Another quality of the product that I wasn't too satisfied with the limiting color option. Personally, I like the look of the matte black finish but found that it picked up dust very quickly. Some people might not like the color for other reasons, such as the fact that it likely won't match every desk or office space. It's a shame Twelve South hasn't made it available in silver, white, or, even better, the various colors of Apple's M1 iMac.
Twelve South Curve Riser: Competition
The Twelve South Curve Riser is certainly not the only monitor stand available, but it is one of the better-made options which will appeal to Apple users.
As mentioned, Twelve South's own HiRise Pro offers a decent alternative, particularly for those that are happy to trade off a little storage space for the added benefit of adjustable height. It's much more expensive at $170, though.
Another multifunctional iMac stand we love is the Satechi Type-C Aluminum Monitor Stand and Hub. As well as offering easy-access ports along its front edge, it's also a little shorter which makes for a more ergonomic setup. At $90 and 1.6 inches tall, it's probably a better pick for most people, as we found in our review of the product.
Twelve South Curve Riser: Should you buy it?
You should buy this if ...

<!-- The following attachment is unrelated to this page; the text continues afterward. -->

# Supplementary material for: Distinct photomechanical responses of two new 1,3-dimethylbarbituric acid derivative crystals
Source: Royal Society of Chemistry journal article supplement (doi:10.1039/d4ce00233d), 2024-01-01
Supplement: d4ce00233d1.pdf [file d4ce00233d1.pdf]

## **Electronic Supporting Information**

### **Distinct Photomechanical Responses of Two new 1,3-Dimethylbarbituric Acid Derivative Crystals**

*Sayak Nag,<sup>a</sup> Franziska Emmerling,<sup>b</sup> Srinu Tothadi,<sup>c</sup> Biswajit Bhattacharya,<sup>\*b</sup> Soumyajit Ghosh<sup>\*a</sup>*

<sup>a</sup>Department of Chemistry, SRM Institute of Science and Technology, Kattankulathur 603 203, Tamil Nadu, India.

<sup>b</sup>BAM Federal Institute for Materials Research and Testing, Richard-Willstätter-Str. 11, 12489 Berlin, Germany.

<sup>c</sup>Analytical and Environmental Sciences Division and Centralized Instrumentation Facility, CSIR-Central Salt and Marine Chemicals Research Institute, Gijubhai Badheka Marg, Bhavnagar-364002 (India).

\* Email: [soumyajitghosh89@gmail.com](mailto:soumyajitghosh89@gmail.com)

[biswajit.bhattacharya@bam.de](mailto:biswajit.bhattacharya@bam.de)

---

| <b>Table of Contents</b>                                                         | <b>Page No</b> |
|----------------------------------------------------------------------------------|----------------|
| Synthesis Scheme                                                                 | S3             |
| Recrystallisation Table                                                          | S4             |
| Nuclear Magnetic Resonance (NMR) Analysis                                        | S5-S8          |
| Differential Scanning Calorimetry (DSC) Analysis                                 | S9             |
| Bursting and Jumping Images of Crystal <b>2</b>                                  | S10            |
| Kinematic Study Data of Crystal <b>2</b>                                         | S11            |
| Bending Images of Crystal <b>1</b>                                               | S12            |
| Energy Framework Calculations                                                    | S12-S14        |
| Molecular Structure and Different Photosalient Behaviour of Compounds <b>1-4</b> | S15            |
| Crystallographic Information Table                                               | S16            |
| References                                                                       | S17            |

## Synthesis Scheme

- You need to raise your monitor way up
- You want a well-built monitor stand
- You want a monitor stand with built-in storage
You shouldn't buy this if...
- Your display doesn't need to be raised by much
- You need an adjustable monitor stand
- Black accessories don't suit your workspace
If you are really tall or want your iMac or monitor to be raised by over four inches, the Curve Riser is a sturdy way to do it. The extra clearance leaves plenty of storage space for your desk knick-knacks, too. Plus, it's perforated so you won't have to worry about your accessories heating up due to the increased airflow.
Most iMac and Apple Studio Display users, however, will find the Curve Riser elevates their monitor too high up to be comfortable, which makes it hard to recommend. Additionally, if you work out of an all-white office or some other color that doesn't complement black, you may not take a liking to the limited color option.
Adam Oram is a Senior Writer at iMore. He studied Media at Newcastle University and has been writing about technology since 2013. He previously worked as an Apple Genius and as a Deals Editor at Thrifter. His spare time is spent watching football (both kinds), playing Pokémon games, and eating vegan food. Follow him on Twitter at @adamoram.
How tall are you? I'm 6'1" and Apple's stupid non-height adjustable stands drive me nuts; this seems more elegant than the stacks of old textbooks I'm currently using to raise my display up.
I'm not saying you're wrong, but this is quite a silly review in that it just goes on about the thing being "too high". To high for who? How high is your desk? How do you normally sit? Not taking any of that into consideration makes the whole thing useless. Ergonomically, a person should sit with their feet flat on the floor and their legs and thighs making a 90 degree angle. The desk height should be set so that when your arms are at a similar right angle the forearms rest lightly on the desk surface. If all that is true and you are staring straight ahead without slouching, the monitor should sit directly in your line of sight with the eyeline striking it just above the centre. Is all that true? Is it not? Again, without knowing, just saying it's "too high" is meaningless.